This simple art project is also a fun sensory activity that uses taste-safe, homemade finger paints (made with sugar, cornstarch, water, and food coloring) to decorate children’s handprint cut-outs. 

Start by encouraging children to paint pieces of cardstock in different colors. Once these are dry, trace and cut out each child’s handprints. Older children will be able to use scissors to practice fine motor skills as they cut out their own handprints, while younger children will likely need help with this step. Once the handprints are complete, encourage children to share people or things in their lives that they are thankful for, such as their favorite food, playing with a special toy, or dancing to a fun song. Older children will be able to write or draw these on their handprints, while younger children might need teacher assistance. 

Then, hang the handprints on a string of yarn in your classroom or child care center. You and the children can make the banner look extra special by adding pom-poms, ribbons, and other festive decorations. 

Family Photo Gratitude Collages

This activity from Primrose Schools uses canvases, paint, and mod-podge to create collages of the special people in our lives. 

To prepare, encourage parents and family members to send in photos of their family members, or have children draw pictures of the special people in their lives. All families look different, so encourage children to include anyone who they consider family members. These might include parents, siblings, grandparents, pets, close friends, neighbors, or even friends from school. 

Set up the canvases with paints and any images that children might want to include in their collages. These can include photos, drawings, glitter, paints, and other decorative embellishments that you might have on hand (such as buttons, pieces of tissue paper, feathers, and more). Encourage children to paint and glue all of the items onto their canvases, and invite conversations about feeling thankful for the people in their photos and drawings. Once they are done, help children seal their canvases with mod-podge and let them dry.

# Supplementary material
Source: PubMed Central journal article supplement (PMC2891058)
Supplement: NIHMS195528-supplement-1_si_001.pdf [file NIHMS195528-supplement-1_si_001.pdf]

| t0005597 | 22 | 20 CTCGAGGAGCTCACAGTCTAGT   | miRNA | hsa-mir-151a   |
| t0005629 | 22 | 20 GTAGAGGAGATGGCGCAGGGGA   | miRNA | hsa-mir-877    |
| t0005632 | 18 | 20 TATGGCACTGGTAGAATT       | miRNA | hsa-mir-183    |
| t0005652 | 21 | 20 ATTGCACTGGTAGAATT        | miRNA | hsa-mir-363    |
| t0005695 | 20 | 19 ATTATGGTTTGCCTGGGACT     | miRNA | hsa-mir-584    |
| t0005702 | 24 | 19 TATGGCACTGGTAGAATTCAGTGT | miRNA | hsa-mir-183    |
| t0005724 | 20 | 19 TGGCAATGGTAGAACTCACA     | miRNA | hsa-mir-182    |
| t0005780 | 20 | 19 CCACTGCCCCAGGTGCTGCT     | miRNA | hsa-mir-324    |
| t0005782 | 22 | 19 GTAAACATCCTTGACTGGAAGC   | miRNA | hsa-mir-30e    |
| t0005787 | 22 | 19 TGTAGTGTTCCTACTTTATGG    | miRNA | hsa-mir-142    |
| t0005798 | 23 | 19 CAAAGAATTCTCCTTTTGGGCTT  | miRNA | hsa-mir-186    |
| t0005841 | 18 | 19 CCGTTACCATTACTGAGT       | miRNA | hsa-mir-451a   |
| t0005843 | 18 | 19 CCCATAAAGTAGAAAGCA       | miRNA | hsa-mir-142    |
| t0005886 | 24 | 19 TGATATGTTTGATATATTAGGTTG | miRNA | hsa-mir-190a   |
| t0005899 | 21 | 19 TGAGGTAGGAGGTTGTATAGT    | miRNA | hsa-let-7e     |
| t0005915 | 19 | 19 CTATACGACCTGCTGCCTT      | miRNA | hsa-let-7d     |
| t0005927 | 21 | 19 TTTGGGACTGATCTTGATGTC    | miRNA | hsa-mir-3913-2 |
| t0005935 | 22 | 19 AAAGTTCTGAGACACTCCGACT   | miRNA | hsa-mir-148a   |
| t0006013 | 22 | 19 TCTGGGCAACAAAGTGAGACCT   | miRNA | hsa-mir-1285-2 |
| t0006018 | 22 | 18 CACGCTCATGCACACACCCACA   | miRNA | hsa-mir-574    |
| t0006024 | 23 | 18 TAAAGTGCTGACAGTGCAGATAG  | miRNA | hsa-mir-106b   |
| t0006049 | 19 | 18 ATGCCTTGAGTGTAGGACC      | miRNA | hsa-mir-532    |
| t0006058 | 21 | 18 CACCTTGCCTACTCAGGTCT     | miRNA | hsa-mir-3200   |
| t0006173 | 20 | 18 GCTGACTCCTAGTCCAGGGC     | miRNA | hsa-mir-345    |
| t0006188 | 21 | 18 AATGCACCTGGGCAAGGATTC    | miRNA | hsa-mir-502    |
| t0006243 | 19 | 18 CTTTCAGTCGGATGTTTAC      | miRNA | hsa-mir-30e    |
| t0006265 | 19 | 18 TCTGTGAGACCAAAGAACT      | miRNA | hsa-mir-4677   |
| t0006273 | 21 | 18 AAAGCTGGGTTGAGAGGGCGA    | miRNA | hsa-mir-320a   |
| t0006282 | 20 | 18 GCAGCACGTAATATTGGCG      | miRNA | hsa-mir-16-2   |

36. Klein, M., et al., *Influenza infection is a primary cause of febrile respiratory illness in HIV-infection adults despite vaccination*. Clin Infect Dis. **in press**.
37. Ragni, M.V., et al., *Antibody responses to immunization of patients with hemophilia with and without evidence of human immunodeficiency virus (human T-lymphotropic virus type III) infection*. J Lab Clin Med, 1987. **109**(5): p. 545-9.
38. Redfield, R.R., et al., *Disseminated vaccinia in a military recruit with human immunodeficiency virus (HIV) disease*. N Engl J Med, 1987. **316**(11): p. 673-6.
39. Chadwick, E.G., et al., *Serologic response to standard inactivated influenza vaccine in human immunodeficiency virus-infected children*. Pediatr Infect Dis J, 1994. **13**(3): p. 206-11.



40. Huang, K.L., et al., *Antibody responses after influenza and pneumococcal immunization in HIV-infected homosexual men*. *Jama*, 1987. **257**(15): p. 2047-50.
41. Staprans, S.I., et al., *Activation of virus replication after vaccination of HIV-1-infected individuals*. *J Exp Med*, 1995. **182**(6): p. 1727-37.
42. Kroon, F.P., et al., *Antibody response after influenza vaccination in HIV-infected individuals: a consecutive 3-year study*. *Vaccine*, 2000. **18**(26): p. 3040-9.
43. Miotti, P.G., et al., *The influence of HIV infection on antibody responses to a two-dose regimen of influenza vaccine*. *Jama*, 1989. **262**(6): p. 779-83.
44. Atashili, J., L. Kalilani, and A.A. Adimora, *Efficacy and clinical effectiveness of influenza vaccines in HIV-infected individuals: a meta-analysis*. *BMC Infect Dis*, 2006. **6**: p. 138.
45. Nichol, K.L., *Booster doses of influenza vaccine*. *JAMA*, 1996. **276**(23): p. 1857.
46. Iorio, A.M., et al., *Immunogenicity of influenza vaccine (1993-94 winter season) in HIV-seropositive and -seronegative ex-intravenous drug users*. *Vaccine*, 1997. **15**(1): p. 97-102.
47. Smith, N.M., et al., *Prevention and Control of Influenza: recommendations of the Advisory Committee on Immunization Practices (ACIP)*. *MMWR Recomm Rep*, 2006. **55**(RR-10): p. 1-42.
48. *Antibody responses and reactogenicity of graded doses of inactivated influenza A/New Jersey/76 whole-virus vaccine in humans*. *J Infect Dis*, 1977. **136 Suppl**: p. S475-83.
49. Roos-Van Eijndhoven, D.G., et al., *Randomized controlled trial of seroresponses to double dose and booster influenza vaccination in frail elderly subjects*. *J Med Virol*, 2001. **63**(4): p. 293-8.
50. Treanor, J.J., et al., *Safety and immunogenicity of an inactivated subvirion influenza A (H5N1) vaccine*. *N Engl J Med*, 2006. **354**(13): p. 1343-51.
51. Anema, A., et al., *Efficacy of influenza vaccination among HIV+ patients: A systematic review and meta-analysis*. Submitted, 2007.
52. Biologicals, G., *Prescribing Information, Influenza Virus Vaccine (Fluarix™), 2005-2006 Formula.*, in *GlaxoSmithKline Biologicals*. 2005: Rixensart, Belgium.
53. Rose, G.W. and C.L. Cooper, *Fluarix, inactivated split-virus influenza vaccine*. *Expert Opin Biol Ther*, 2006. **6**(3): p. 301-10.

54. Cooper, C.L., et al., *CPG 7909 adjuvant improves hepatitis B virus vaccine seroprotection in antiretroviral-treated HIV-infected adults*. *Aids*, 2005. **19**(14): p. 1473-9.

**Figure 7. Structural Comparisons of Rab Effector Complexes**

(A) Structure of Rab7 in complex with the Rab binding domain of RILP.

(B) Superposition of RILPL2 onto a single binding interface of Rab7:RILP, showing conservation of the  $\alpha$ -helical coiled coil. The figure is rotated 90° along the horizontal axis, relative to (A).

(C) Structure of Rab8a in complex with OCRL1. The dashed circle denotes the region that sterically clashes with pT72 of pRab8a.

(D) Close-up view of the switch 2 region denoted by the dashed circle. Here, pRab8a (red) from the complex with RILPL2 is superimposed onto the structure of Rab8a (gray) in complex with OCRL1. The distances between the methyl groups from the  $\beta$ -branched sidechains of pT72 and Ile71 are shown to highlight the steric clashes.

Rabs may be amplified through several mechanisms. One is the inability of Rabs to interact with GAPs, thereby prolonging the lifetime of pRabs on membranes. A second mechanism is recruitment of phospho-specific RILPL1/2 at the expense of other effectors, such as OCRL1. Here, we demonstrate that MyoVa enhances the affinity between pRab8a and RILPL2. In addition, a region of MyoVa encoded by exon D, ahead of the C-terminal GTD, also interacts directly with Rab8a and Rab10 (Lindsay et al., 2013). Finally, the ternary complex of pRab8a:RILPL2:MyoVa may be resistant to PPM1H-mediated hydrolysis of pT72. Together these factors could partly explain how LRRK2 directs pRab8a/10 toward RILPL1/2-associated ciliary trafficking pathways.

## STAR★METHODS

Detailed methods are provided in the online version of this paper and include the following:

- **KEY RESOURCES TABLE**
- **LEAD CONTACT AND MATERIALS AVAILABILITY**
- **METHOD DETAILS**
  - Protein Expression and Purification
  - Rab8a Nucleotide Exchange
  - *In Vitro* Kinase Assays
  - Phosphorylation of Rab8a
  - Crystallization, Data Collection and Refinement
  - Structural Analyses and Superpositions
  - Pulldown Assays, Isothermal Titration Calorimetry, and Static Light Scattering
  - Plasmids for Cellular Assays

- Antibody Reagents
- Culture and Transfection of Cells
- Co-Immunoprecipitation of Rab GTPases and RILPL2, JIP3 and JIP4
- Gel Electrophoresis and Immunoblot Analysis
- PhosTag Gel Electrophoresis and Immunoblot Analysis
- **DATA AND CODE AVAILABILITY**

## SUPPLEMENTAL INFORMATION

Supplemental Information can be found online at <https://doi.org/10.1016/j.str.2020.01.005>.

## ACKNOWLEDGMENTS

Mod-Podge Gratitude Rocks

image and activity from
Fireflies and Mudpies

This simple rock-decorating activity encourages children to paint pictures of things that they are grateful for. You might start by going on a nature walk to collect rocks from your yard. If you don’t have any available, small stones can be purchased on Amazon for children to paint. Talk to children about things that they are thankful for and then set out tissue paper hearts, mod-podge, and rocks for children to decorate. Older children can help with cutting out the tissue paper hearts, while younger children will likely need more assistance. 

As children glue their hearts on their rocks, talk with them about gratitude and how it feels in their bodies. The hearts on the rocks can remind us of all of the things that we love and are thankful for. Ask the children about what or who they are grateful for while they decorate their rocks. Place them all together outside to make a gratitude garden that children and their families can visit and reflect on what they are grateful for.